55. Reflection on the Methodology of Studies in Chinese Philosophy: Two Modes and Relevant Analysis. Journal of Humanities and Social Sciences of Nanjing University, Vol. 4, 2007, pp.77-87.
56. Tang Junyi’s View of Philosophy: Focusing on his Introduction to Philosophy. Journal of the History of Chinese Philosophy, No.4, 2007, pp.110-118.
57. Mou Zongsan on Freedom and Liberalism. Thought and Culture, East China Normal University, 2007, pp.176-197.
58. Ontology and Methodology: Zheng Xiagu (1649-1736) versus Wang Ji (1498-1583), Studies in Sinology. Peking University, Vol.21, (2008): 1, 2008, pp.101-126.
59. Ritual Practice as a Spiritual and Bodily Exercise: Focusing on "xiangdang" in Lunyu as an Example, Taiwan Journal of East Asian Studies, Vol. 6, No. 1(Iss. 11), June, 2009, pp.1-27.
60. On the Newly Discovered Lixue Lu by Huang Zongxi, The Pursuit of History and Culture: A Festschrift to Professor Yu Ying-shih’s Eighty Birthday, Taipei, Lian Jing Publishing Company,2009, pp. 213-271.
61. Mou Zongsan on the Relation Across the Taiwan Strait and the Identity of Taiwanese, Thought, Taipei: Lian Jing Publishing Company, Nov., 2009, pp.
62. Paradigm and Methodology: Hou Wailu and “the History of Chinese Philosophy” as a Modern Discipline, Hebei Academic Journal, No.4, August 2010, pp.31-35.
63. Confucian Classics and General Education in Contemporary China, the Journal of the Party College in Ningbo, Vol.1, 2011.
64. On Religiousness by Tang Jun-yi, Philosophy and Religion, Shanghai Normal University, Vol. 6, 2011.
65. Inside the Revival of Confucianism in Mainland China: The Vicissitudes of Confucian Classics in Contemporary China as an Example, Oriens Extremus, Germany, Vol.49, pp.225-235.
66. Self-Cultivation and Statecraft: Spiritual and Bodily Exercise in Dong Zhongshu’s Thought, Chinese Culture, Vol. 34, Oct., 2011, pp.43-54.
67. On Newly Discovered Lixu Lu by Jiang Xizhe and, Studies in Sinology, Peking University, (2012): 1, Vol.28, pp.25-75.
68. English Studies of Zhu Xi in Recent Three Decades: Overview, Trend, and Significance, Journal of Hunan University (Social Sciences), Vol. 26, No. 1, Jan. 2012, pp.34-38.
1. “Basic Framework and Core Concept of Mou Zong-san(Mou Tsung-san)’s Philosophy from a Perspective of the Revolution of Chinese Philosophy,”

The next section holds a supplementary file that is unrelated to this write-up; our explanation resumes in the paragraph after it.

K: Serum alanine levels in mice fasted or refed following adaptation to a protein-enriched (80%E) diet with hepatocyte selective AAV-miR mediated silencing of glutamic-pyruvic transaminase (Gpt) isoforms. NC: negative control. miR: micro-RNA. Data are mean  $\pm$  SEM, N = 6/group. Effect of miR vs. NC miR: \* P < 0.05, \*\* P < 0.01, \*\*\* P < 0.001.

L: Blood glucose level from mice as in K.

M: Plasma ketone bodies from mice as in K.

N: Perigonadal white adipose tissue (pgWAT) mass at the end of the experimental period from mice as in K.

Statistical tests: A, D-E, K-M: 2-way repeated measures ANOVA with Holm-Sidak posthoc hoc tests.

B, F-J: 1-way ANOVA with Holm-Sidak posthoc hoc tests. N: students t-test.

presented at the International Symposium of Mou Zong-san and Contemporary New-Confucianism, sponsored by the Confucian Foundation of China. Jinan, Shandong, China, August 1998.
2. “Anticipation of the 21st Century Confucianism from the Perspective of the New Trend in the Western Studies of Confucianism,” presented at the Symposium of Confucianism and Confucian Merchants in 21st Century, Lanzhou, Gansu, China, August 1999.
3. “Interpretation on the Conception that ‘Forming One Body with All things’ in the Western Inscription(Xi Ming) by Zhang Zai(1020-1077): the Salient Features of Confucian Religious Humanism,” presented at the International Conference on Zhang Zai and the Learning of Guan Area, sponsored by Chinese Academy of Social Sciences, the Government of Shanxi Province and Shanxi Academy of Social Sciences. Mei County, Shanxi, August 1-3, 2001.
4. “The Goal and Perspective of Studies on Confucianism as a Religious Tradition,” presented at the Conference on Confucianism and Religion, sponsored by Institute of Philosophy, Chinese Academy of Social Sciences.
Beijing, China, Feb. 2002.
5. “Confucian Resources for Dispelling Religious Conflicts in Globalization,” presented at the International Conference on Confucianism and Globalization, sponsored by International Confucian Association (ICA), China Confucius Foundation and Shandong Academy of Social Sciences. Qingdao, China, August 10-12, 2002.
6. “The Practical Learning of Wang Yang-ming and his Followers,”
presented at the Symposium of Practical Learning in Chinese Tradition, sponsored by Association of Chinese Philosophy of Macao, Chinese Academy of Social Sciences, Soochoow University. Macao, August 24-27, 2003.
7. “One Principle with Many Manifestations: A Confucian Religious Pluralism,” presented at the Symposium of Confucianism, Culture, Religion, and Comparative Philosophy: Celebrating Professor Liu Shu-hsien’s Seventy’s Birthday, sponsored by Academy Sinica, Hong Kong Chinese University, Soochow University. Taipei, Taiwan, June 23-25, 2004. Also included in the Festschrift for Professor Liu.